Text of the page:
A short while ago Larp Musing linked to Mailed Fist’s post on ‘What is Roleplaying?‘, and is there something, that many a roleplayer has a strong opinion of or can debate endlessly about, then it is the question “what is roleplaying?”. Usually I prefer the simple explanation, that roleplaying is a medium akin to theater, literature, movies etc., and that we can tell stories with it, and that roleplaying can be art, just as books, movies, and comics can be art.
Now Donjon Master at Mailed Fist wants to give a description of what roleplaying at the table is, and he focuses on the process of the interaction between GM and player, a perspective which is addressed by Larp Musing, as the many of the assignments handled by the GM at the table are absent in larps – at least in the particular role described by Donjon Master at Mailed Fist.
Right now I am prepping the games I will be playing at upcoming roleplaying convention, Fastaval, during Easter, and the different scenarios requires different approaches to how I will be game mastering. Each scenario assigns specific jobs for the GM, ans these do not quite match those Donjon Master describes. Before dealing with the roles of the GM in the four scenarios, I will briefly present the scenarios.
The Four Things I Will Be Game Mastering This Easter
A low key comedy about everyday life, where we follow four pairs of people (chosen from some 11 different pairs) shopping in Ikea. Ikea in this sense acts as a frame for each pair’s problems. Each pair consist of one A-role and one B-role, and each player will be playing an A-role in one pair and a B-role in one another pair, and the action shifts between the four pairs, and during the intermezzos the players through their characters acts as extras commenting of the story of the other players. As a part of the scene-setting the players use an actual Ikea-catalogue.
Leaves of Fate
This story takes place in 1901 just after the death of a noble woman, and we follow her four heirs – the husband, the lover, the son and the sister – and they are a unpleasent bunch, but from beyond her grave she gives them a chance to redeem themselves, thus winning the inheritance, but this require them to admit their crime against her and to strive to better themselves. The communication is handled through an actual ouija-board used as a mechanic in the game, and the players through their characters ask questions and constructs answers to shape the story.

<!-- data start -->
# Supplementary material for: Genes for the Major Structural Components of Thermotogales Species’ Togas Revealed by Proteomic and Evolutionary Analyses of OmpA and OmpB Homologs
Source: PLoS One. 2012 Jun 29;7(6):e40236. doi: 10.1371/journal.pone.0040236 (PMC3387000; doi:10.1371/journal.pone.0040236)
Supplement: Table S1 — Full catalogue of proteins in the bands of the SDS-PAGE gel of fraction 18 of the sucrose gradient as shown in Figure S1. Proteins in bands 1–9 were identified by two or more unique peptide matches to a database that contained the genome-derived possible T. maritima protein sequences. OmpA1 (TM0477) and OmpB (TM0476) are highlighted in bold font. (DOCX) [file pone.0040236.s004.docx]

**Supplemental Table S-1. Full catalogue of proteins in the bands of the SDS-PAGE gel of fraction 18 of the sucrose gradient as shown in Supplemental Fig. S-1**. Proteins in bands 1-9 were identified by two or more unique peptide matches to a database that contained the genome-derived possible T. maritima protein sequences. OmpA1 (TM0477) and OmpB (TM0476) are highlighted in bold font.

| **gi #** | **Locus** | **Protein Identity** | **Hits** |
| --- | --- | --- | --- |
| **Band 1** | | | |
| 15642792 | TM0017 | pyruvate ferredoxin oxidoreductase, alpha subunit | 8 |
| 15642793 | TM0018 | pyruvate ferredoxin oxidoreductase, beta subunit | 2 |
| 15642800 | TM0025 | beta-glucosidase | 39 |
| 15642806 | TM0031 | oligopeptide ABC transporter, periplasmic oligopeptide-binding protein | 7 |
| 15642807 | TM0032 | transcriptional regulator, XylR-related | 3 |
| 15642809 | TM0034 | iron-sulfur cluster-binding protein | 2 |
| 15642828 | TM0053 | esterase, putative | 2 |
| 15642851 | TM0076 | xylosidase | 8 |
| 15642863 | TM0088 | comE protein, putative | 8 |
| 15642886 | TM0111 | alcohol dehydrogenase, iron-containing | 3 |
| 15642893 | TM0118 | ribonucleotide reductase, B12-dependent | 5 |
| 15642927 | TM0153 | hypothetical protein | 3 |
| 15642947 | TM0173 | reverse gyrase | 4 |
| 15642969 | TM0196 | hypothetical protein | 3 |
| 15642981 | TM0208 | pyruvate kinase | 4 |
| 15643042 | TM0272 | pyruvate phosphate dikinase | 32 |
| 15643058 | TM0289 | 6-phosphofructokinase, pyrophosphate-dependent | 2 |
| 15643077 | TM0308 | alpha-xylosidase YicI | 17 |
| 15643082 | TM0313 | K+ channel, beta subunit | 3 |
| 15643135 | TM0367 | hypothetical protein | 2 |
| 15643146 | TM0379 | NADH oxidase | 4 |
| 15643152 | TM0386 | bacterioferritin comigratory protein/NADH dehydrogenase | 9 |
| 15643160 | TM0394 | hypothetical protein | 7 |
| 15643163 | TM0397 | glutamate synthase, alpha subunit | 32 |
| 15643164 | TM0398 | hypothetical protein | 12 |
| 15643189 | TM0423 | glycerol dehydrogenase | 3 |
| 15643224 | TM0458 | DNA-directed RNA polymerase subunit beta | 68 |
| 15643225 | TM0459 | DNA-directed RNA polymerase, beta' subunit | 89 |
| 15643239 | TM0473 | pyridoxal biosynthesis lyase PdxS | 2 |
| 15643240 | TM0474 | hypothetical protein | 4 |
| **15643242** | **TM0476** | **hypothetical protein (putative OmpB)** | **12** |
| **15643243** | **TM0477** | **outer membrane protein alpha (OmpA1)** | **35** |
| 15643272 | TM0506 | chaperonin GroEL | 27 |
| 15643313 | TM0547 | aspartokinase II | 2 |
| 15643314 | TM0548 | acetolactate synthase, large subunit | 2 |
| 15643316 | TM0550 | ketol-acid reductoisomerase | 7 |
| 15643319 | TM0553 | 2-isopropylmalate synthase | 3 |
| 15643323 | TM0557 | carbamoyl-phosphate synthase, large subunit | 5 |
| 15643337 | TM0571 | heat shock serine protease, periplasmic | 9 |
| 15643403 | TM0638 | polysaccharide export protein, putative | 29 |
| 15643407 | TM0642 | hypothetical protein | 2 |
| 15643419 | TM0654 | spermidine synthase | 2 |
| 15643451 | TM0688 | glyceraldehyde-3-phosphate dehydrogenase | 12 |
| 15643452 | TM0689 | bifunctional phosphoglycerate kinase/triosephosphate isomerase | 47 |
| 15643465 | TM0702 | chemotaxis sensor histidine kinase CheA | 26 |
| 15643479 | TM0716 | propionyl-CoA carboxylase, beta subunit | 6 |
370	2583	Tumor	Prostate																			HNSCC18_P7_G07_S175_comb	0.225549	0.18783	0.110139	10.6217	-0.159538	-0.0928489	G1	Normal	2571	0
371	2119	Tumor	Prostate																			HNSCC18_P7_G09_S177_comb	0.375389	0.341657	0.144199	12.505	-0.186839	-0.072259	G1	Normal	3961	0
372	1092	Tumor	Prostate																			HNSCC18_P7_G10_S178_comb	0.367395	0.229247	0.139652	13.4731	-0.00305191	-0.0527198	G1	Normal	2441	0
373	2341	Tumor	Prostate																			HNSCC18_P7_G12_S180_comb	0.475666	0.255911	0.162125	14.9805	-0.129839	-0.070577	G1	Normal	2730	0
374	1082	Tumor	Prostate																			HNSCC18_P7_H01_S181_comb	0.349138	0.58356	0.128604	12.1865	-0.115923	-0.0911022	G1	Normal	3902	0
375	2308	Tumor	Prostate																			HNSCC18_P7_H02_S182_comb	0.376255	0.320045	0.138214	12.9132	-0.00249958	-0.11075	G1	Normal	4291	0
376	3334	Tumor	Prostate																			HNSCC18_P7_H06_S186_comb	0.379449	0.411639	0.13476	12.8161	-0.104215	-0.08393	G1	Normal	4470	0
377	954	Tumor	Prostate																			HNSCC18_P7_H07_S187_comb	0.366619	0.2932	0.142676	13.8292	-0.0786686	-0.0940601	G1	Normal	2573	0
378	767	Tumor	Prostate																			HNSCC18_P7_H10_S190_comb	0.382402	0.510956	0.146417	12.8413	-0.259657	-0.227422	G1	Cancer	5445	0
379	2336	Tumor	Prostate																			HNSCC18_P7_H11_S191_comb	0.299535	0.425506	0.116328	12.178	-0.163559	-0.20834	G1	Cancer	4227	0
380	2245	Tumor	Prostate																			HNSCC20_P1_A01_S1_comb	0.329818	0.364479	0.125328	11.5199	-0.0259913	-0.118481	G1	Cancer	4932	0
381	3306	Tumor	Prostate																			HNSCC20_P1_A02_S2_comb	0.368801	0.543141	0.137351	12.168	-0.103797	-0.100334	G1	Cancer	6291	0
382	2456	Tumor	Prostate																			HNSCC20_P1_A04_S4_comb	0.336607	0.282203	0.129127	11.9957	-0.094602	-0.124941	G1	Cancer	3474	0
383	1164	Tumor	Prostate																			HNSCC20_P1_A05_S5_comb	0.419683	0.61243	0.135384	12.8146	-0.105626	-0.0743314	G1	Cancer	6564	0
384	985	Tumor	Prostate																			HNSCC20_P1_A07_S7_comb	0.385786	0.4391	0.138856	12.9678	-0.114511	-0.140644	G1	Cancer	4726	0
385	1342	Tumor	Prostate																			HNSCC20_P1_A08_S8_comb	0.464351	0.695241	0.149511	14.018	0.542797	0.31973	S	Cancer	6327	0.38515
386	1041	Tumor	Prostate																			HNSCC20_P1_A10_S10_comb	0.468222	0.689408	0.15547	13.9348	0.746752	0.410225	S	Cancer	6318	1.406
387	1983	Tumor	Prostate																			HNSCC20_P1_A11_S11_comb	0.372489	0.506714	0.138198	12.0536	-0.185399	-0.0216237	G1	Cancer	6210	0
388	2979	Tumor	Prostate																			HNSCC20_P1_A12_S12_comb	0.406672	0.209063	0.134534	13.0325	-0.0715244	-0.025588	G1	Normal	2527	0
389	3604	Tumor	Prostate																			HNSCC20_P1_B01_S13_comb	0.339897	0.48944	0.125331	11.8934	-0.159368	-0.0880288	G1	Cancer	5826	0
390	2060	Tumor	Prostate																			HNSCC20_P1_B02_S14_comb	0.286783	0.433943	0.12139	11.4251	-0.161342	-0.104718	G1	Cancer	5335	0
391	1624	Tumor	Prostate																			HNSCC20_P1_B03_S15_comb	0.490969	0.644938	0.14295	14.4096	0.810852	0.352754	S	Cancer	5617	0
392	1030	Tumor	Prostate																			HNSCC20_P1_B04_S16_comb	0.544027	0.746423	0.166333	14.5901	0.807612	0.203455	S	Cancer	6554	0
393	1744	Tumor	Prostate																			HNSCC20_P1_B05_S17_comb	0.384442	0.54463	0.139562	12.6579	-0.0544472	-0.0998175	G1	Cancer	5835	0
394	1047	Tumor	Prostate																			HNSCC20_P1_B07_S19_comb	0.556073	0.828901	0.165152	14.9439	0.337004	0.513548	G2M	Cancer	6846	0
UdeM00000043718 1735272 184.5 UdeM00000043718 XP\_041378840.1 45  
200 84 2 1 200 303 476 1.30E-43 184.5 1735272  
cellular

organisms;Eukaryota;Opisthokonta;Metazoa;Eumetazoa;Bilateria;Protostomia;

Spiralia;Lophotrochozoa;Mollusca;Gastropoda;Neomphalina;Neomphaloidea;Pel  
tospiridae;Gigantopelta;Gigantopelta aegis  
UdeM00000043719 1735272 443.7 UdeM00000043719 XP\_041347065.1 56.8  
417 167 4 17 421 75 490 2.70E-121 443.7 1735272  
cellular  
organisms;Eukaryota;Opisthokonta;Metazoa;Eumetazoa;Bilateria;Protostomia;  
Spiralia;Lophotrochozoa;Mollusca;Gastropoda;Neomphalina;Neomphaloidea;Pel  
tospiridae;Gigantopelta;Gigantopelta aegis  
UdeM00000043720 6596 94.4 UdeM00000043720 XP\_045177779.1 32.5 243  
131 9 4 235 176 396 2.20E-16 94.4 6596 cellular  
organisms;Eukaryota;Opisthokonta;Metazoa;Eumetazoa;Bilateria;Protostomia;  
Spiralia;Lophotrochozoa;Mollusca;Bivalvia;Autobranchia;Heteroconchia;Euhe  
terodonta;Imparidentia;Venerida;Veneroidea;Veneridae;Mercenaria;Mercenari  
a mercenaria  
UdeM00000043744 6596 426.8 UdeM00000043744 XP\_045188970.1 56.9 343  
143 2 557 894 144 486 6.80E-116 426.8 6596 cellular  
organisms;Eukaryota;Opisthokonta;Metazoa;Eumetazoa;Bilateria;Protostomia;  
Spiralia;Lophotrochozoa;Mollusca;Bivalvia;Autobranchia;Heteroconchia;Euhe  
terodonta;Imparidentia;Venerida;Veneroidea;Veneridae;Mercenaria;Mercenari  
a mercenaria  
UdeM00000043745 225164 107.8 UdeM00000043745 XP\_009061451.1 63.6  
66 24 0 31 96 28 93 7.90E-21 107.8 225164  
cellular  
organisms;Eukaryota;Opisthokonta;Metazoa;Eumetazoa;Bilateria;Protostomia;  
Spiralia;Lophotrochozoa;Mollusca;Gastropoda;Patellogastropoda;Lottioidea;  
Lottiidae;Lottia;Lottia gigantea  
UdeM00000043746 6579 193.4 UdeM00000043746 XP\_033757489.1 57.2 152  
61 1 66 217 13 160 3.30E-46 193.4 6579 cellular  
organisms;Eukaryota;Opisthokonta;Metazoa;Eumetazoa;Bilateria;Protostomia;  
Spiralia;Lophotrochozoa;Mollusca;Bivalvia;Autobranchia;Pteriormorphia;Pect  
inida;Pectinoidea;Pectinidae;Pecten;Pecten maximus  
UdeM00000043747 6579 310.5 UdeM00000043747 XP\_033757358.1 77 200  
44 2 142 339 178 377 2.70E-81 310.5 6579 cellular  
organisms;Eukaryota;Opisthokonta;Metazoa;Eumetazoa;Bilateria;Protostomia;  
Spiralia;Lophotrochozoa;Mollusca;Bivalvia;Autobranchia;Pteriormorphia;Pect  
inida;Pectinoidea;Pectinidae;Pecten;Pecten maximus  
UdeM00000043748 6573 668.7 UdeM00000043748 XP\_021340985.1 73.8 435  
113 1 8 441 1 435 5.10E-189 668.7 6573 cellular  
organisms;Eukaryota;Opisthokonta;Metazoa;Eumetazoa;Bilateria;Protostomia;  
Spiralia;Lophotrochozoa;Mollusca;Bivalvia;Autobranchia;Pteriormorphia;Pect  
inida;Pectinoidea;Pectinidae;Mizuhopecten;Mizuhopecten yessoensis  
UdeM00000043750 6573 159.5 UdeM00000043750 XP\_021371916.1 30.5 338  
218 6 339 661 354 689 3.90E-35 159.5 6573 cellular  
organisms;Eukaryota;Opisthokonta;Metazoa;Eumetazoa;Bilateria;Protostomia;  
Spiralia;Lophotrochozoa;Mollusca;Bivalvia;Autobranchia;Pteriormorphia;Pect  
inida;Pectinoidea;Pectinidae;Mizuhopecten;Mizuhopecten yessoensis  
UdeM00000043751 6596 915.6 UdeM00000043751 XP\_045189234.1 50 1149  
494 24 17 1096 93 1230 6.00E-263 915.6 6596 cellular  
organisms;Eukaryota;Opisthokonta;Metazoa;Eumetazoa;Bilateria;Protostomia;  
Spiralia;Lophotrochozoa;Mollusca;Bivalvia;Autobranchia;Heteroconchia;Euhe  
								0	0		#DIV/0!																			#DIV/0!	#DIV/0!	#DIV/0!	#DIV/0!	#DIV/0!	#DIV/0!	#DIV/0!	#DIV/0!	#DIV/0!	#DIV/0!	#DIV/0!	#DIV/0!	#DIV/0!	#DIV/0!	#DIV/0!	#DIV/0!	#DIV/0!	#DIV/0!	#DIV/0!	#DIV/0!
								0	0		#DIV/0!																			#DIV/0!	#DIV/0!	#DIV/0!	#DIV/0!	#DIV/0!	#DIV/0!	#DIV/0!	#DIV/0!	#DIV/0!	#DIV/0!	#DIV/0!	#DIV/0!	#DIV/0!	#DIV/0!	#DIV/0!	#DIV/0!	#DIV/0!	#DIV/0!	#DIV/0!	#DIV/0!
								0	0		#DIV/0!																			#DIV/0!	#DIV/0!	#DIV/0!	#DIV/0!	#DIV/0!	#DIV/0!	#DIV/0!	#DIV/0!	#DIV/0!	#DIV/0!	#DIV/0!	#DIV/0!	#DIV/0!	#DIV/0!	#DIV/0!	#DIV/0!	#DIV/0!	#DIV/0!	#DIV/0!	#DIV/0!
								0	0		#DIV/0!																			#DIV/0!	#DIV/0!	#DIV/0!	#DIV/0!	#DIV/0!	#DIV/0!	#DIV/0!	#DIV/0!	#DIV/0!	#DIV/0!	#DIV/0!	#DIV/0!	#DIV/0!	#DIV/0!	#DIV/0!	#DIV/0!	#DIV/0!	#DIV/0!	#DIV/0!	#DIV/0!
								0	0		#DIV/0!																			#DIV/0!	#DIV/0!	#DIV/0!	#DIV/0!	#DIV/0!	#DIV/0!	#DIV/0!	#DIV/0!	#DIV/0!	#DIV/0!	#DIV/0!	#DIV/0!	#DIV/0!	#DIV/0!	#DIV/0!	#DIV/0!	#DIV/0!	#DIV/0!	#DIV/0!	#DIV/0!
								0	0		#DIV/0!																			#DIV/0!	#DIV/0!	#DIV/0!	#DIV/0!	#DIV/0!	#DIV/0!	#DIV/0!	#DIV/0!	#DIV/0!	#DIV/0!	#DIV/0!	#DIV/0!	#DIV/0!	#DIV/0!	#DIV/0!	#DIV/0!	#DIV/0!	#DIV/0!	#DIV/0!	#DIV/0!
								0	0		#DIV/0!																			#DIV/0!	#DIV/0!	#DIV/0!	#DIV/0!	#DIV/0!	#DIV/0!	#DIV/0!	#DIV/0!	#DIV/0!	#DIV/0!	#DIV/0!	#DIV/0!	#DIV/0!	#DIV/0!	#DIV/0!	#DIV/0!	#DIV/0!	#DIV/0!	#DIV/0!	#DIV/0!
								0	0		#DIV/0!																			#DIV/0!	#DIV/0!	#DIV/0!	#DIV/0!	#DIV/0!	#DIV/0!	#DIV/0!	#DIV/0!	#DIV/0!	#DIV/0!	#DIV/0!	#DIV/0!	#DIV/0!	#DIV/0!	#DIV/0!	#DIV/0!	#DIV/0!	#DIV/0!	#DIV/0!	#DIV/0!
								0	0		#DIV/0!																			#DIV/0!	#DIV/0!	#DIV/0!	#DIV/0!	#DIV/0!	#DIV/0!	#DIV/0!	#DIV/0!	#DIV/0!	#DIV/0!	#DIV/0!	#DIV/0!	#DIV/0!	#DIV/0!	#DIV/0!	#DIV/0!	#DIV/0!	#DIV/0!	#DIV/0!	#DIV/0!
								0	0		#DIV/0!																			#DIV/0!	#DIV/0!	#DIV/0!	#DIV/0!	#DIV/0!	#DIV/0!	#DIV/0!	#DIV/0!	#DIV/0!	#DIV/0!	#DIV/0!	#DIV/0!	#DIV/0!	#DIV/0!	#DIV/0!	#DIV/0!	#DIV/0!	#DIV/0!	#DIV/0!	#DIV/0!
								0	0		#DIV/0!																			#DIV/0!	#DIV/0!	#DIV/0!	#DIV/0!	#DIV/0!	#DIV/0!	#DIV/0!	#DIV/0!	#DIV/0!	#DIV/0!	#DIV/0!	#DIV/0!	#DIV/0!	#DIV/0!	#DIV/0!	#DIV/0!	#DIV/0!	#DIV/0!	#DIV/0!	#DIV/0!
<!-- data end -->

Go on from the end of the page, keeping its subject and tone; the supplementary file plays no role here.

A Heart of Metal
A metal-version of the opera Tannhäuser, where we follow the metal-pot Granhøj, his muse, his girlfriend and his rival. He is struggling to succeed as an artist. The curious thing in this one is,t hat the roles rotate among the players at the command of the GM, and that the scenes can be done over again and again from different perspectives.
The scenario is accompanied by a metal soundtrack.
A woman is lost in her fantasy of the ideal life. The story begins and ends with her kidnapping of a small child and her hiding at a motel. In between the events that drove her to insanity are played out with the players using a scrapbook. Scenes switch between rosy red and dull grey, as they are either her dream life, where things are good, or her real life, where things are not as good. The game moves in a non-linear fashion through the events switching between her fantasy-version, that can constantly be retold, as it is only something she imagines, and reality, that can only be played once, since harsh reality is not malleable.
Common for all four scenarios, that I will be running:
- Begin with instructing the players as to how the game is played
- Demonstrate the rules
- Establish the genre.
- Pacing and cutting the scenes between the four pairs
- Leave the scene-setting to the players
- if a scene is loosing momentum, then introduce the other players playing minor characters
Leaves of Fate
- Have the players describe location and mood. Do this by asking leading questions to the players during the scenes
- Set the scenes, once the players have briefly established the situation
- Play the extras (the priest, the lawyer, the staff) – they are only present briefly at the start
- Explain the players the general events in each act and scene
- Assist at the Ouija-board, especially if the players are out of ideas
- Frame the Monologue
- Set the first scene
- Have the players set the next scenes
- Frame the Epilogue
- Play extras if needed
A Heart of Metal
- Set the scenes, describe the setting
- Reframe and re-set the scenes
- Rotate the characters between the players
- Change the music from scene to scene
Now comparing this to Donjon Masters presentation of the game master’s functions, there are some interesting differences. Only in A Heart of Metal will I be describing the characters’ perception of the situation. Mostly the players will not be describing to me as the GM, what they are doing. Instead they will act out or describe to each other, what their characters are doing, and finally I will in general just nod and say yes to the players’ choices. The scenarios are all structured freeform, and thus there will be no mechanic to determine the outcome, and at most I will be final arbitrator, if there is any doubt as to what is going to happen.